Tuesday, January 26, 2016


Jeremiah -- MIchaelangelo
There are weeks when the lectionary readings are so full of subtleties that it is hard to distill any single theme on which they invite us to reflect. This is one of those weeks. The lessons seem random, and yet there is a theme -- the cost of prophecy.

In the Old Testament lesson, Jeremiah recounts his deep reluctance to accept the awesome prophetic role that God has in mind for him. Here we get a glimpse of a paradox that runs through  much of the Bible. To be ‘chosen’ by God as one of his special witnesses is the most momentous and significant thing that can happen to any human being. From one perspective, it offers the individual a more distinguished role in human life than anyone could ordinarily hope for. From another it is foolishness, because unlike high office in other spheres – politics, business, science, the military for example – where we can expect acclamation, popularity and reward, prophetic greatness is very likely to bring ridicule, rejection and persecution.

Christ in the Synagogue -- Nicholai Ge (1868)
This was true in Jeremiah’s case. His example, though striking, fades to relative insignificance in comparison with Jesus, however. Jesus is far more than a prophetic witness. The lessons throughout Epiphany underline again and again that he has been uniquely chosen by God as God’s own incarnation – Son of God in a very special sense. In Jesus, divinity, motivated by pure love,  takes on the limitations of humanity. This week’s Gospel, shows, strangely, that such love can be met with deep resentment, hatred and even violence. It is this reaction that finally leads Jesus to Crucifixion.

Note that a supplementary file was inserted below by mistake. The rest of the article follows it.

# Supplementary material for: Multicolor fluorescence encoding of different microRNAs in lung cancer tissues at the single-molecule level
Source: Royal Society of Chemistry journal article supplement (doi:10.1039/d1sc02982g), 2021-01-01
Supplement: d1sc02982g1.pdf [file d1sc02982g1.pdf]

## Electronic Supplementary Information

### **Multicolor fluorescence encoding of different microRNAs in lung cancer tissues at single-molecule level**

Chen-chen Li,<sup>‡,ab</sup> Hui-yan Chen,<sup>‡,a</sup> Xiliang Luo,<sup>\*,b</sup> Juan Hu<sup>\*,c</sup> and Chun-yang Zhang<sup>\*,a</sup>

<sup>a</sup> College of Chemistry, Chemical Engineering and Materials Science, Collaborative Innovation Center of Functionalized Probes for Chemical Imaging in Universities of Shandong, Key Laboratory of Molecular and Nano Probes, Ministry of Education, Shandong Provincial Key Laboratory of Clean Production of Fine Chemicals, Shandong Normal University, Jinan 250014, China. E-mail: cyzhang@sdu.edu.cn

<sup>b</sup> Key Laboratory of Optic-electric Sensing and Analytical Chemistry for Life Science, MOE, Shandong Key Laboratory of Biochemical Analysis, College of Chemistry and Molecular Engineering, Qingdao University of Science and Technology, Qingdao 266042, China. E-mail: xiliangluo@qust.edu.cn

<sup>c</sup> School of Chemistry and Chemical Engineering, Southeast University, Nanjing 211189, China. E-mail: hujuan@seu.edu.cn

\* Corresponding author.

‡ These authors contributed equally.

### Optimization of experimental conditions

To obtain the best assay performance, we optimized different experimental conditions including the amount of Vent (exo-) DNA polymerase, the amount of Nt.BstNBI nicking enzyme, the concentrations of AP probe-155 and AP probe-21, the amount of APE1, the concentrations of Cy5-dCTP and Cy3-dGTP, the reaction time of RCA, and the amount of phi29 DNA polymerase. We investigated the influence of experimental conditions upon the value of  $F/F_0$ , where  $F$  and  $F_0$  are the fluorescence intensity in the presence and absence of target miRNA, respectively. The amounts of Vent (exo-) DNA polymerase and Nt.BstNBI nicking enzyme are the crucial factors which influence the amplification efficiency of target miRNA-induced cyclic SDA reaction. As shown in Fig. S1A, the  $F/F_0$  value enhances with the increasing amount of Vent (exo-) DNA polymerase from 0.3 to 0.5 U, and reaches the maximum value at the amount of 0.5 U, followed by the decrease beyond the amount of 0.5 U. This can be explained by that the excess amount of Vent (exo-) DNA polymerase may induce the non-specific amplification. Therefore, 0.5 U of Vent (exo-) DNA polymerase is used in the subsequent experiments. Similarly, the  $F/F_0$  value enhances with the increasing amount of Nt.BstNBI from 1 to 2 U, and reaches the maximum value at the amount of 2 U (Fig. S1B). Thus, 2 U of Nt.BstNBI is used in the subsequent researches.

With this in the background, the famous passage from St Paul’s first letter to the Corinthians serves wonderfully to remind us of what love is like. It is easy to sit comfortably and let these familiar and beautiful words flow over us. But we should make no mistake. As Paul himself knew only too well, church people can be like the resentful people in the synagogue at Nazareth far more often than they model the love Paul so powerfully describes. Set against this fact, there is this Good News: Christian hope and faith are pinned on God’s love for humanity, not on humanity’s love for one another.

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